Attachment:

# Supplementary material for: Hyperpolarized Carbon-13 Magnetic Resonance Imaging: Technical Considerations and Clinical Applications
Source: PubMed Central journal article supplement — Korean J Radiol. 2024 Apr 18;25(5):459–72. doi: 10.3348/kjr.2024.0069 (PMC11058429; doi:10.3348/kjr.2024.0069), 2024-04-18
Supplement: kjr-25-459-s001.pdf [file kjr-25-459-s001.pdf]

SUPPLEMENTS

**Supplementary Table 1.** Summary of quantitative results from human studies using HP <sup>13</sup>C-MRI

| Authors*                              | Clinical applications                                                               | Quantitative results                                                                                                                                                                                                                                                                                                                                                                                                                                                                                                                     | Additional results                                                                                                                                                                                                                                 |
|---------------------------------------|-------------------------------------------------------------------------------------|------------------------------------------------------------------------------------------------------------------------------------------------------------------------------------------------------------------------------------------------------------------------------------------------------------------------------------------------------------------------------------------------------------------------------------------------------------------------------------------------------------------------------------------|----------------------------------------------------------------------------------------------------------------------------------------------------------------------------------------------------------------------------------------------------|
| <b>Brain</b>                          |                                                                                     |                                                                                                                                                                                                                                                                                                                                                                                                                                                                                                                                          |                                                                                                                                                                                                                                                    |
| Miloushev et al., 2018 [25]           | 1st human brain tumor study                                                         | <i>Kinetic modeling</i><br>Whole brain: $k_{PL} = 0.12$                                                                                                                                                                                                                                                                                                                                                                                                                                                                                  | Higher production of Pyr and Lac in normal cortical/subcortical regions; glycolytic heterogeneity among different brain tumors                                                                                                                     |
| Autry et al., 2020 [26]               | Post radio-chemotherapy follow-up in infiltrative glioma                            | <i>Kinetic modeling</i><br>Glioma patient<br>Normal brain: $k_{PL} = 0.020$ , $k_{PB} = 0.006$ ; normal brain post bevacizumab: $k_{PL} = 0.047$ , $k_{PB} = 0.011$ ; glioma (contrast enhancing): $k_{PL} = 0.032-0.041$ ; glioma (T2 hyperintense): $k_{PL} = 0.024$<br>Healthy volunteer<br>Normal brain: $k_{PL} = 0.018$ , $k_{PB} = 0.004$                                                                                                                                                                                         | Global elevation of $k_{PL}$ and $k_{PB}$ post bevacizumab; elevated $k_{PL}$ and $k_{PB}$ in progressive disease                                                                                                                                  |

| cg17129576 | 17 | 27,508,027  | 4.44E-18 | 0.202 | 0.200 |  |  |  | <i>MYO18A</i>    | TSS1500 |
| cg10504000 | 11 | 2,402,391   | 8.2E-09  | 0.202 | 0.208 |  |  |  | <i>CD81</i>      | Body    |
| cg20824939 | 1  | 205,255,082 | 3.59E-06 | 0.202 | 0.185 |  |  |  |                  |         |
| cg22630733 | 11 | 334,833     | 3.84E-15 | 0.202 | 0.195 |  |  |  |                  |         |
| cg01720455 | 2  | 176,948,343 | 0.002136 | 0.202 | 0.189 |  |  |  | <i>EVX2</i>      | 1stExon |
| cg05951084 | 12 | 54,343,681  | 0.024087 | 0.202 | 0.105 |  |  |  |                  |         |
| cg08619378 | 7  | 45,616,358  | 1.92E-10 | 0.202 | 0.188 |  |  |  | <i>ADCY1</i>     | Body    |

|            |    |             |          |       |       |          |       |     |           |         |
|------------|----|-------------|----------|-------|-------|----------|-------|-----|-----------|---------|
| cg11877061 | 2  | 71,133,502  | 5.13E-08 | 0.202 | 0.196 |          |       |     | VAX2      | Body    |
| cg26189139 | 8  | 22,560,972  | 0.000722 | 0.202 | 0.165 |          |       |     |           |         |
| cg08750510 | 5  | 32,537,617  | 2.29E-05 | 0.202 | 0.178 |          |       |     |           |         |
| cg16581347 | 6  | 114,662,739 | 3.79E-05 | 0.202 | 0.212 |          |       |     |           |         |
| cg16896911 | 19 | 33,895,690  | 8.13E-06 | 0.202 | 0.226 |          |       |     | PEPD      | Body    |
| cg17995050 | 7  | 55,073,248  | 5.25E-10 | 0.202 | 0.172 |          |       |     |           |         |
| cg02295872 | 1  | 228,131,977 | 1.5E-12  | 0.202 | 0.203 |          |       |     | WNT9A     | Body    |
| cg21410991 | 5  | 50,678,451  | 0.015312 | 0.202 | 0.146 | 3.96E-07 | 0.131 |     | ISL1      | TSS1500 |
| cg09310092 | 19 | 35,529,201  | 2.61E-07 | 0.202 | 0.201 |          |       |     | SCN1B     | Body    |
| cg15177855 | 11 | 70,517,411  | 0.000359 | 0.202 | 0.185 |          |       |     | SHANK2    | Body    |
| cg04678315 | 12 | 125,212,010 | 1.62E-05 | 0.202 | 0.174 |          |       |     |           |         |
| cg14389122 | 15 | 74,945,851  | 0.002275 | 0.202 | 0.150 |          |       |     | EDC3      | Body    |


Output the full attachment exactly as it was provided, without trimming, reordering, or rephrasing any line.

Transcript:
# Supplementary material for: Hyperpolarized Carbon-13 Magnetic Resonance Imaging: Technical Considerations and Clinical Applications
Source: PubMed Central journal article supplement — Korean J Radiol. 2024 Apr 18;25(5):459–72. doi: 10.3348/kjr.2024.0069 (PMC11058429; doi:10.3348/kjr.2024.0069), 2024-04-18
Supplement: kjr-25-459-s001.pdf [file kjr-25-459-s001.pdf]

SUPPLEMENTS

**Supplementary Table 1.** Summary of quantitative results from human studies using HP <sup>13</sup>C-MRI

| Authors*                              | Clinical applications                                                               | Quantitative results                                                                                                                                                                                                                                                                                                                                                                                                                                                                                                                     | Additional results                                                                                                                                                                                                                                 |
|---------------------------------------|-------------------------------------------------------------------------------------|------------------------------------------------------------------------------------------------------------------------------------------------------------------------------------------------------------------------------------------------------------------------------------------------------------------------------------------------------------------------------------------------------------------------------------------------------------------------------------------------------------------------------------------|----------------------------------------------------------------------------------------------------------------------------------------------------------------------------------------------------------------------------------------------------|
| <b>Brain</b>                          |                                                                                     |                                                                                                                                                                                                                                                                                                                                                                                                                                                                                                                                          |                                                                                                                                                                                                                                                    |
| Miloushev et al., 2018 [25]           | 1st human brain tumor study                                                         | <i>Kinetic modeling</i><br>Whole brain: $k_{PL} = 0.12$                                                                                                                                                                                                                                                                                                                                                                                                                                                                                  | Higher production of Pyr and Lac in normal cortical/subcortical regions; glycolytic heterogeneity among different brain tumors                                                                                                                     |
| Autry et al., 2020 [26]               | Post radio-chemotherapy follow-up in infiltrative glioma                            | <i>Kinetic modeling</i><br>Glioma patient<br>Normal brain: $k_{PL} = 0.020$ , $k_{PB} = 0.006$ ; normal brain post bevacizumab: $k_{PL} = 0.047$ , $k_{PB} = 0.011$ ; glioma (contrast enhancing): $k_{PL} = 0.032-0.041$ ; glioma (T2 hyperintense): $k_{PL} = 0.024$<br>Healthy volunteer<br>Normal brain: $k_{PL} = 0.018$ , $k_{PB} = 0.004$                                                                                                                                                                                         | Global elevation of $k_{PL}$ and $k_{PB}$ post bevacizumab; elevated $k_{PL}$ and $k_{PB}$ in progressive disease                                                                                                                                  |

| cg17129576 | 17 | 27,508,027  | 4.44E-18 | 0.202 | 0.200 |  |  |  | <i>MYO18A</i>    | TSS1500 |
| cg10504000 | 11 | 2,402,391   | 8.2E-09  | 0.202 | 0.208 |  |  |  | <i>CD81</i>      | Body    |
| cg20824939 | 1  | 205,255,082 | 3.59E-06 | 0.202 | 0.185 |  |  |  |                  |         |
| cg22630733 | 11 | 334,833     | 3.84E-15 | 0.202 | 0.195 |  |  |  |                  |         |
| cg01720455 | 2  | 176,948,343 | 0.002136 | 0.202 | 0.189 |  |  |  | <i>EVX2</i>      | 1stExon |
| cg05951084 | 12 | 54,343,681  | 0.024087 | 0.202 | 0.105 |  |  |  |                  |         |
| cg08619378 | 7  | 45,616,358  | 1.92E-10 | 0.202 | 0.188 |  |  |  | <i>ADCY1</i>     | Body    |

|            |    |             |          |       |       |          |       |     |           |         |
|------------|----|-------------|----------|-------|-------|----------|-------|-----|-----------|---------|
| cg11877061 | 2  | 71,133,502  | 5.13E-08 | 0.202 | 0.196 |          |       |     | VAX2      | Body    |
| cg26189139 | 8  | 22,560,972  | 0.000722 | 0.202 | 0.165 |          |       |     |           |         |
| cg08750510 | 5  | 32,537,617  | 2.29E-05 | 0.202 | 0.178 |          |       |     |           |         |
| cg16581347 | 6  | 114,662,739 | 3.79E-05 | 0.202 | 0.212 |          |       |     |           |         |
| cg16896911 | 19 | 33,895,690  | 8.13E-06 | 0.202 | 0.226 |          |       |     | PEPD      | Body    |
| cg17995050 | 7  | 55,073,248  | 5.25E-10 | 0.202 | 0.172 |          |       |     |           |         |
| cg02295872 | 1  | 228,131,977 | 1.5E-12  | 0.202 | 0.203 |          |       |     | WNT9A     | Body    |
| cg21410991 | 5  | 50,678,451  | 0.015312 | 0.202 | 0.146 | 3.96E-07 | 0.131 |     | ISL1      | TSS1500 |
| cg09310092 | 19 | 35,529,201  | 2.61E-07 | 0.202 | 0.201 |          |       |     | SCN1B     | Body    |
| cg15177855 | 11 | 70,517,411  | 0.000359 | 0.202 | 0.185 |          |       |     | SHANK2    | Body    |
| cg04678315 | 12 | 125,212,010 | 1.62E-05 | 0.202 | 0.174 |          |       |     |           |         |
| cg14389122 | 15 | 74,945,851  | 0.002275 | 0.202 | 0.150 |          |       |     | EDC3      | Body    |